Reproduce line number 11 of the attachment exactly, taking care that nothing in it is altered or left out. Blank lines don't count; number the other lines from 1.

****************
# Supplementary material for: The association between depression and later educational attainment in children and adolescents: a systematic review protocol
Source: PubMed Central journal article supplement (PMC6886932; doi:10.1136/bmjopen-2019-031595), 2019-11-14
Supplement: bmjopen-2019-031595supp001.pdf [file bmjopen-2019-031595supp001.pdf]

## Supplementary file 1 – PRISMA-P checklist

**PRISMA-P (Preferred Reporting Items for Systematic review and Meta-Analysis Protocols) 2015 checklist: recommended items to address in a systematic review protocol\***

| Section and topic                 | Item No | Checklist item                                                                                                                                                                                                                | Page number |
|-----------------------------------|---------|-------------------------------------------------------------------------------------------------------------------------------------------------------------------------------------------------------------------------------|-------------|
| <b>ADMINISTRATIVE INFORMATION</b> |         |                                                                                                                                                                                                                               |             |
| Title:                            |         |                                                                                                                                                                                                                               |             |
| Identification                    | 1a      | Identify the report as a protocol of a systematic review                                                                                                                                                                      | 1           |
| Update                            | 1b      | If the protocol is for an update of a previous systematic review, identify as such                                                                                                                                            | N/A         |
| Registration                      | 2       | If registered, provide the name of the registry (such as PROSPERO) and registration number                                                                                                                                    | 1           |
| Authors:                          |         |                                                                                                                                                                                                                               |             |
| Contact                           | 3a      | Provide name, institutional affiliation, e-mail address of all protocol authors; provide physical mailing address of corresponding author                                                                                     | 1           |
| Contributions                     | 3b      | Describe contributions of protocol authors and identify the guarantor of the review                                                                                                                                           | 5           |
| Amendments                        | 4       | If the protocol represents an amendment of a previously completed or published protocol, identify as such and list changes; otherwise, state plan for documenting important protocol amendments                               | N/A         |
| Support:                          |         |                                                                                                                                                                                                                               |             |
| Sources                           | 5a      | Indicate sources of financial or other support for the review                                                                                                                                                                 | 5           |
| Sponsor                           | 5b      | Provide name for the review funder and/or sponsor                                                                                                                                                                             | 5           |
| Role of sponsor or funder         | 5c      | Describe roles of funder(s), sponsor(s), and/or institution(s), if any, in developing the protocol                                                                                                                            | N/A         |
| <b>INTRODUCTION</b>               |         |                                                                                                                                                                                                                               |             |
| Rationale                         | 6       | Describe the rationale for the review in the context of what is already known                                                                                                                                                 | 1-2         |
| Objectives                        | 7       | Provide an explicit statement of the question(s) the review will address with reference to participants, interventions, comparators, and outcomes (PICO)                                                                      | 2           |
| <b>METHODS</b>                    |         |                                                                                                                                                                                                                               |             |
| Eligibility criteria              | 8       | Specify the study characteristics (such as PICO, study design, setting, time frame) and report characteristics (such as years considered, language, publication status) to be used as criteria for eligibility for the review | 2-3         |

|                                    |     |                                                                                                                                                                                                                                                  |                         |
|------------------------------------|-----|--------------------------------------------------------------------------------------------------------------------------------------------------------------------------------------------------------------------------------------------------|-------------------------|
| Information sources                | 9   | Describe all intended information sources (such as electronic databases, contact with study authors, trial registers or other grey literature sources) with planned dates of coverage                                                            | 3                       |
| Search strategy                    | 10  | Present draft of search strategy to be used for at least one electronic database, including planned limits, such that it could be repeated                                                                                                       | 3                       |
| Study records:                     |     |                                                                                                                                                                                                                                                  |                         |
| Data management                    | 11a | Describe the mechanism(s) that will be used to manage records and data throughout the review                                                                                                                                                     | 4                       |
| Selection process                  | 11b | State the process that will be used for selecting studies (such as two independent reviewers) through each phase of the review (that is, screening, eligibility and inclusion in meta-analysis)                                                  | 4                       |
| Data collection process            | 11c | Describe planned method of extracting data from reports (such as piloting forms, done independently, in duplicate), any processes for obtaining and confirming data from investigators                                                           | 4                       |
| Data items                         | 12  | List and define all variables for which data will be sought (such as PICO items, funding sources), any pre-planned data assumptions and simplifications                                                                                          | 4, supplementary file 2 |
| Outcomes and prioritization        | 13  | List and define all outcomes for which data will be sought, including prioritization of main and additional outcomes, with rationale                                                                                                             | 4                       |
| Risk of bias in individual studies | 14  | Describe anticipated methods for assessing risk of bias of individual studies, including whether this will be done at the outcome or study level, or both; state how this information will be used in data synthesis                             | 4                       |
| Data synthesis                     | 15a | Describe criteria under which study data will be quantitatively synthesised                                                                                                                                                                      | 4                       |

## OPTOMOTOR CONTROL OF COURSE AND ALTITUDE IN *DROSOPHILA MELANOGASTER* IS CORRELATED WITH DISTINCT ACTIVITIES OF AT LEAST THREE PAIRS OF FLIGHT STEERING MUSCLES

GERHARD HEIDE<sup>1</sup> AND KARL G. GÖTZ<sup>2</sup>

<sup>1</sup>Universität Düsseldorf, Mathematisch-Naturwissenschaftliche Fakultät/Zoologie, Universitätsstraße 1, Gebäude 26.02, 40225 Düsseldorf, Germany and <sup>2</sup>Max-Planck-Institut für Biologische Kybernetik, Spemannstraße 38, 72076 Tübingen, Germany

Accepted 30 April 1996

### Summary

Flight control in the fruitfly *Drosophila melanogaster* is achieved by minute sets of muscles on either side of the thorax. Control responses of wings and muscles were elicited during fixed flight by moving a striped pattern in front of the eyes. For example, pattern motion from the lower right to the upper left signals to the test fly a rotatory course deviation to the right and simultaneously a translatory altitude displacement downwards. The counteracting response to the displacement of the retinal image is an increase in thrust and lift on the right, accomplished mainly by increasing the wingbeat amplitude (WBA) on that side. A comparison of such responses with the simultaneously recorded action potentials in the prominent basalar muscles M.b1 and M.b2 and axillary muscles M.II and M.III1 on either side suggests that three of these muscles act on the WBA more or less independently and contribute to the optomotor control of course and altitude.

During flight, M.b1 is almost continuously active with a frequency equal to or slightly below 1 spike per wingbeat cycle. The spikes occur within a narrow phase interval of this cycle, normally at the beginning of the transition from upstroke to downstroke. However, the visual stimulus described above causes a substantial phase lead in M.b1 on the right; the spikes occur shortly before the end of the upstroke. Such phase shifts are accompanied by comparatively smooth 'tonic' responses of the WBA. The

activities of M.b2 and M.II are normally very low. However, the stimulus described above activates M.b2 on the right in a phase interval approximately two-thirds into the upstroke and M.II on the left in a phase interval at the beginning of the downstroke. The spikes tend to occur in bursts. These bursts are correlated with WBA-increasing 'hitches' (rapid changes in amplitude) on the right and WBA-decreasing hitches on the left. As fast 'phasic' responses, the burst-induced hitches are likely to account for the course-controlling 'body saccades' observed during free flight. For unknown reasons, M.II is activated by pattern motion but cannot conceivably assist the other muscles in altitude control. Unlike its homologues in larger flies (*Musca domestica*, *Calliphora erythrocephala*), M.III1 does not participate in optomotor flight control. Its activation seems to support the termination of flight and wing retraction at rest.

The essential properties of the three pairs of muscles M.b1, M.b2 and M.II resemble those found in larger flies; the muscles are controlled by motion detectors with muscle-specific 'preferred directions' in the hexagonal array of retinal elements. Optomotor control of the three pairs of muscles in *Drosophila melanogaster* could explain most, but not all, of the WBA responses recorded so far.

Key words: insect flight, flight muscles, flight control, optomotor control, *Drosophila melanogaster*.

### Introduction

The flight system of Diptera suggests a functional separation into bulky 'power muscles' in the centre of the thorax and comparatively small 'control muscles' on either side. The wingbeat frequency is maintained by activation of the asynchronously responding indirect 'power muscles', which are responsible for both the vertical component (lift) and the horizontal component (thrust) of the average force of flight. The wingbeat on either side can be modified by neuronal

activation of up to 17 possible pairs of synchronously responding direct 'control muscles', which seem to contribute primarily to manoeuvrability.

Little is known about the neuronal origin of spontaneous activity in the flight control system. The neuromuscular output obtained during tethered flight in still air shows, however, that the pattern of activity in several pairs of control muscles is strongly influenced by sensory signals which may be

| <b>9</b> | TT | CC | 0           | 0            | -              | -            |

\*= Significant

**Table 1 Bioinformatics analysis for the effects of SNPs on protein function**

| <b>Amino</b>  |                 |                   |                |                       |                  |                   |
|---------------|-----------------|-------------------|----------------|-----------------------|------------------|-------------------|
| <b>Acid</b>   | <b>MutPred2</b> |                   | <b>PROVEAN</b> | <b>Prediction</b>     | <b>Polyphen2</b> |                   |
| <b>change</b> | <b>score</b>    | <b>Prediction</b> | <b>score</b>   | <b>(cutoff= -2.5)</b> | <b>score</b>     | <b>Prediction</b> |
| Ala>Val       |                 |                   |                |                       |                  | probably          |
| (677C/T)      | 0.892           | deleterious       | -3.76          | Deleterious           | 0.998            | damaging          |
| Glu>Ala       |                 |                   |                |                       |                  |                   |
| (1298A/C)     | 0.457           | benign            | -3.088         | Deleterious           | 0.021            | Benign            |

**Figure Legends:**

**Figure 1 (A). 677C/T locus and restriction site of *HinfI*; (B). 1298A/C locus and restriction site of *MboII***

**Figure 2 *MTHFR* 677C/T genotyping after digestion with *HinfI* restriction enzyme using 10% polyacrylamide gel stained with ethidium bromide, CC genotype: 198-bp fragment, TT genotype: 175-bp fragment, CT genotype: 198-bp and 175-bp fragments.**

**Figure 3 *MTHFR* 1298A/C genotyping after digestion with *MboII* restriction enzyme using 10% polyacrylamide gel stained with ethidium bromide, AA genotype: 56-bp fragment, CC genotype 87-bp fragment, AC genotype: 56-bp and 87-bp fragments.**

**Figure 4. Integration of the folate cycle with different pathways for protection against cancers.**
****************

| Update                            | 1b      | If the protocol is for an update of a previous systematic review, identify as such                                                                                                                                            | N/A         |